the painting of Mary Cassatt
I am delving, once again, into ekphrastic poetry. I was quite intrigued to learn that the famous painter Mary Cassatt and I share an ancestor: Jacques Cossart who arrived in America in 1662, settling with his family in New Amsterdam, now New York City.
The young mother sits in a chair
strangely intent on her stitching fingers
as her young daughter,
perched across her lap,
stares idly at the artist.
The silence of the scene
mimics the silence of the canvas,
the thread pulling through the cloth making no sound.
Mary Cassatt, a grand dame of Impressionism,
who never bore a child of her own,
was obsessed with painting mothers and daughters,
reminiscent of the Italian Renaissance Madonnas
she had seen on European travels as a young girl.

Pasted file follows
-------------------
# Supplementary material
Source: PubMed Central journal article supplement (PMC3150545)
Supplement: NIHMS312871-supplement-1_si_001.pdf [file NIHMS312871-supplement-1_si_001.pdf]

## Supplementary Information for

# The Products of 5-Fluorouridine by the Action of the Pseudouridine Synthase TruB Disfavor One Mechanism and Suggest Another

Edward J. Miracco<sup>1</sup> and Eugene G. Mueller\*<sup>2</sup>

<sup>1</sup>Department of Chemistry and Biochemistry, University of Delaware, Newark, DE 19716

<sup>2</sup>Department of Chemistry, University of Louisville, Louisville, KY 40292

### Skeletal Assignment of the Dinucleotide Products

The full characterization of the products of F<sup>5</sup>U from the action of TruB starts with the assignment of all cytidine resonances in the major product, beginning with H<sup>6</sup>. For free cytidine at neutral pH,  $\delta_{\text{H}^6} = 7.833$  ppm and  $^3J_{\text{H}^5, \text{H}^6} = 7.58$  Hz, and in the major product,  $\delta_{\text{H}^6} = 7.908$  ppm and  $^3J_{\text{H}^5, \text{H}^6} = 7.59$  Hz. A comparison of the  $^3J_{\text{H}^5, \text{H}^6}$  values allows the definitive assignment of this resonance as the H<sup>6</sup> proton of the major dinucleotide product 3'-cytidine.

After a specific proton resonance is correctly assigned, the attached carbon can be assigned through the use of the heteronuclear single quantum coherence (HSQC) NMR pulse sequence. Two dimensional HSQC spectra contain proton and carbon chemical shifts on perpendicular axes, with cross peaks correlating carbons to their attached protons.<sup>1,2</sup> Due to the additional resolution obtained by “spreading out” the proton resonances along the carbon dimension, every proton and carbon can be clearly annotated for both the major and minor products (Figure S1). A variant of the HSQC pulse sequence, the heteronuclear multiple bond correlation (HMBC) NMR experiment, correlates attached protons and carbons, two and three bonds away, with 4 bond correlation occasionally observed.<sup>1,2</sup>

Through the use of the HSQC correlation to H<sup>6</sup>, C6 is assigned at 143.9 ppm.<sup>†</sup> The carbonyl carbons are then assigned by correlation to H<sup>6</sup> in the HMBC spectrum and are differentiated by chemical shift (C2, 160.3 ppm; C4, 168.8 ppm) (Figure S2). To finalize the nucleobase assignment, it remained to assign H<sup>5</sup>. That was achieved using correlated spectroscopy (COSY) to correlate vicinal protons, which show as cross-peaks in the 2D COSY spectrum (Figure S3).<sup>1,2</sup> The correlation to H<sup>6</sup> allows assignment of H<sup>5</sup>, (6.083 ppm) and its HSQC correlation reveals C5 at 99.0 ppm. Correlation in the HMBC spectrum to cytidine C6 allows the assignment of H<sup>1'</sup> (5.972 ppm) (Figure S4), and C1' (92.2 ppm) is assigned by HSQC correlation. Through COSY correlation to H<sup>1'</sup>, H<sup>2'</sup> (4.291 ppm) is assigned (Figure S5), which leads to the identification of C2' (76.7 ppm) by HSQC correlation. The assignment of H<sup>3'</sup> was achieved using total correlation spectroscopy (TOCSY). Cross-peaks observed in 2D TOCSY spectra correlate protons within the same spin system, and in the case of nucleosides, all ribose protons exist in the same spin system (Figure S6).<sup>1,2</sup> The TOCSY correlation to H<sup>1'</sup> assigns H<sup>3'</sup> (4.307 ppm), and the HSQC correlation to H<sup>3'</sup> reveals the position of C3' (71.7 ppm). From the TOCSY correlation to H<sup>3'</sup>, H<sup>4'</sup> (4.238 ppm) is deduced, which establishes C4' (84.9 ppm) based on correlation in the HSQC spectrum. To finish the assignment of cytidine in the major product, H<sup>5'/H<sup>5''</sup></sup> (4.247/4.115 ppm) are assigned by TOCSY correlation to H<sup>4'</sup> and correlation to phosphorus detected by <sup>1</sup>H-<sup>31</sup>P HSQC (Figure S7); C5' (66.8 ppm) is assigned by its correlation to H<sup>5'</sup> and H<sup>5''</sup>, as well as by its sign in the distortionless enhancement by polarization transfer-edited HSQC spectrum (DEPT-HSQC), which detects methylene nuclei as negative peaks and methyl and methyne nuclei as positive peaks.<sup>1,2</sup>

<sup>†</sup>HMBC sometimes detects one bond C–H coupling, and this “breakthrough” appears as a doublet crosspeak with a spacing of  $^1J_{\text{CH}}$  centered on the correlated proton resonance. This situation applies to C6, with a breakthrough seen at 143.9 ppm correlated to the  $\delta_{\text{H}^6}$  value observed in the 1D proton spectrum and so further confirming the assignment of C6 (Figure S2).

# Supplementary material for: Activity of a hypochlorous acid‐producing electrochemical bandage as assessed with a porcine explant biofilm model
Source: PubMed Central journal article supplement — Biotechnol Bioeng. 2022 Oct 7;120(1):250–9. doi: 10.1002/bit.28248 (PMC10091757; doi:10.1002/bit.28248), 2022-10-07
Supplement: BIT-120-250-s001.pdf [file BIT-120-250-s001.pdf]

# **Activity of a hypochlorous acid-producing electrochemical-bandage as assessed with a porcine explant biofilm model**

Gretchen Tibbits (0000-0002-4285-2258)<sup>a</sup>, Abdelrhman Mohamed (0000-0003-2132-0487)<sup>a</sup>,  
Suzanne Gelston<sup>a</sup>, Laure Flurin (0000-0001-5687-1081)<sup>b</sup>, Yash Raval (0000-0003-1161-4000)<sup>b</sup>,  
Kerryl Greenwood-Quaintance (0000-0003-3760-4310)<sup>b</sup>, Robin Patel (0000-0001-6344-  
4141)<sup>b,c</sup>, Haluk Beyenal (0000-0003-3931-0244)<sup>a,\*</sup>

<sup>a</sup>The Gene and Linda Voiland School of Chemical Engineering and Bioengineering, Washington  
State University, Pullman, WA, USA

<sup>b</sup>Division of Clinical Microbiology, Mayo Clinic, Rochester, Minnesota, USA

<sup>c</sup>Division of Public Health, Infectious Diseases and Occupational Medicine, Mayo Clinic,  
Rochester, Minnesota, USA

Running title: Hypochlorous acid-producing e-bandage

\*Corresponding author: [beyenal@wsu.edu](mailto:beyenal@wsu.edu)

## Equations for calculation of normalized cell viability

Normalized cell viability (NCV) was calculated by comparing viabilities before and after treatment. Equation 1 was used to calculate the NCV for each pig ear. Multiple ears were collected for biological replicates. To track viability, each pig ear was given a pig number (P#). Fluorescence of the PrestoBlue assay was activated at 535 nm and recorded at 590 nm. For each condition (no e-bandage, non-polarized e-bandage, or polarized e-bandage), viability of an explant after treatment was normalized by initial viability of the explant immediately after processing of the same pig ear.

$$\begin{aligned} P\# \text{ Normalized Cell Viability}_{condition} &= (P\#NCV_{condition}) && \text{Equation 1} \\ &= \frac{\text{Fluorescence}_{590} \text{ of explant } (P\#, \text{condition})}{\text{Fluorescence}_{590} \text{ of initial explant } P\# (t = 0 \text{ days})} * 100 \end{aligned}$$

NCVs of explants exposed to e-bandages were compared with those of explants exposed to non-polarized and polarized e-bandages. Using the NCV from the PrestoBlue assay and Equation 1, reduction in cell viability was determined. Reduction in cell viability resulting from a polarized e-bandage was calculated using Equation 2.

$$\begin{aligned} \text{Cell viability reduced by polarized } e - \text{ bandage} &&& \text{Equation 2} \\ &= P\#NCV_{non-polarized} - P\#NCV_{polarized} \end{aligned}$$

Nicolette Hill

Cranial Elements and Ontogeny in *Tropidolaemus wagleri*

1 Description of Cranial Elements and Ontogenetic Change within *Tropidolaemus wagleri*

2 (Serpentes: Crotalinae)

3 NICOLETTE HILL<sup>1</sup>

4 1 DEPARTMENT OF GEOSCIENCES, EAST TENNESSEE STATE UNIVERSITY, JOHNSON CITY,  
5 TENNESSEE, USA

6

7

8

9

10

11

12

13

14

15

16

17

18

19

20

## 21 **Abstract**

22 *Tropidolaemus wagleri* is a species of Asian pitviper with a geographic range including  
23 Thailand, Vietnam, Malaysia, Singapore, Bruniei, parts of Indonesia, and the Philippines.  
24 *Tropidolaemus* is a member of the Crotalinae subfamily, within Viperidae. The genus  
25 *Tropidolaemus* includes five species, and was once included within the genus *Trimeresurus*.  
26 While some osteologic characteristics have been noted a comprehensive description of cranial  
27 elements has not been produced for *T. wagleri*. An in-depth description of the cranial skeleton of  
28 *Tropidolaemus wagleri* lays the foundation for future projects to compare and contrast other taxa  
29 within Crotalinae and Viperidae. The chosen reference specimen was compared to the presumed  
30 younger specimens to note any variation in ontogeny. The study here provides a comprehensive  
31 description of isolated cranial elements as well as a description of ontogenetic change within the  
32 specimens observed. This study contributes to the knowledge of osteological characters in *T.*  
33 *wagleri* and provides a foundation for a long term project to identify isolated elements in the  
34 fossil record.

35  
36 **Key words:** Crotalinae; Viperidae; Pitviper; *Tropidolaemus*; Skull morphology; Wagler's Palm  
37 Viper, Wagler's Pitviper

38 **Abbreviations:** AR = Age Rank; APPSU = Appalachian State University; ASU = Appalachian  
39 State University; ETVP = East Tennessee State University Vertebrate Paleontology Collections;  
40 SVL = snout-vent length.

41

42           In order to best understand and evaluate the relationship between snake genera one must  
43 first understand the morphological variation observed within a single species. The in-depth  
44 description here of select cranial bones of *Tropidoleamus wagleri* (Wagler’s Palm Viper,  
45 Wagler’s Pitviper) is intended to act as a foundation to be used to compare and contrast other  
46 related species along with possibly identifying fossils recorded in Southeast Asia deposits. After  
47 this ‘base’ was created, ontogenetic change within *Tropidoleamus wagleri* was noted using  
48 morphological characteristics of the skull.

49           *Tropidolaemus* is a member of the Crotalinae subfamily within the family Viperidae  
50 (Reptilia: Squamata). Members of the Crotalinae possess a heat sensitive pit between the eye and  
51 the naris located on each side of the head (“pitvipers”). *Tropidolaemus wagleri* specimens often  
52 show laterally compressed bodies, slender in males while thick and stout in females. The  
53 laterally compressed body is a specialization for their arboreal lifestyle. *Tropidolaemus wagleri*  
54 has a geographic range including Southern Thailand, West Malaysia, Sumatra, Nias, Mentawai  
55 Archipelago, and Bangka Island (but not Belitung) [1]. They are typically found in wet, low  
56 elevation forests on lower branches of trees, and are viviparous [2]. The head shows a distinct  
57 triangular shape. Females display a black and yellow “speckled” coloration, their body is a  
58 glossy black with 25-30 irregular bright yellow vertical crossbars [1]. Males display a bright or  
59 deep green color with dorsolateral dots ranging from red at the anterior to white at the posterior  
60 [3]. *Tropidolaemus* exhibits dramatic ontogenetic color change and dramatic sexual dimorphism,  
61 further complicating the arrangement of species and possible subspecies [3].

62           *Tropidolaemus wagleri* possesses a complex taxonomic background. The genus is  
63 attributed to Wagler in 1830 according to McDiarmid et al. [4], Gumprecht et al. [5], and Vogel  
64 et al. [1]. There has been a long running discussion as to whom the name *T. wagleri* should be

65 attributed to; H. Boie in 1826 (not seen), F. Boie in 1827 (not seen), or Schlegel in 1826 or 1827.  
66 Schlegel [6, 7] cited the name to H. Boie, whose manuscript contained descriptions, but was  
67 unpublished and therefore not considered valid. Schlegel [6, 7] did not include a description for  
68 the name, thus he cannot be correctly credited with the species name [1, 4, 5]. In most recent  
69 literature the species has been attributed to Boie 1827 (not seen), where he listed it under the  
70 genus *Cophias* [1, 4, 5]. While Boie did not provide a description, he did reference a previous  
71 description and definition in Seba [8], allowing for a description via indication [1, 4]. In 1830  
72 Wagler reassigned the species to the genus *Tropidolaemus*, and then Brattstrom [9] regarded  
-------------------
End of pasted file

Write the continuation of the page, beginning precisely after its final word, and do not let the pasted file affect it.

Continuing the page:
She vowed early never to marry,
to devote her life to art, only art.
Even when her father refused to buy her art supplies,
refused to support the lifestyle of an artist.
Her studies at the Pennsylvania Academy of Arts
had exposed her to feminist ideas, to bohemian behavior,
unacceptable for a young lady of her social class,
for this daughter raised by a religiously conservative father,
a descendant of a prim French Huguenot,
an early settler in the American colonies.
But this independent daughter was also
raised by a well-educated, well-read mother.
art trumped fidelity to her father.
Impressionistic art, under the tutelage of Degas himself,
enveloped her in its simple strokes of vibrant color.
Thus this Young Mother Sewing, with her wide-eyed child.
But the strictures of her father still inhibit her, still inhabit her,
still remind her of a female’s place in the social structure,
for the painted woman keeps her back to the window
where a mysterious painted forest beckons.
She does not listen to its silent siren call.
She will stay put in her quaint domesticity
painted to stay.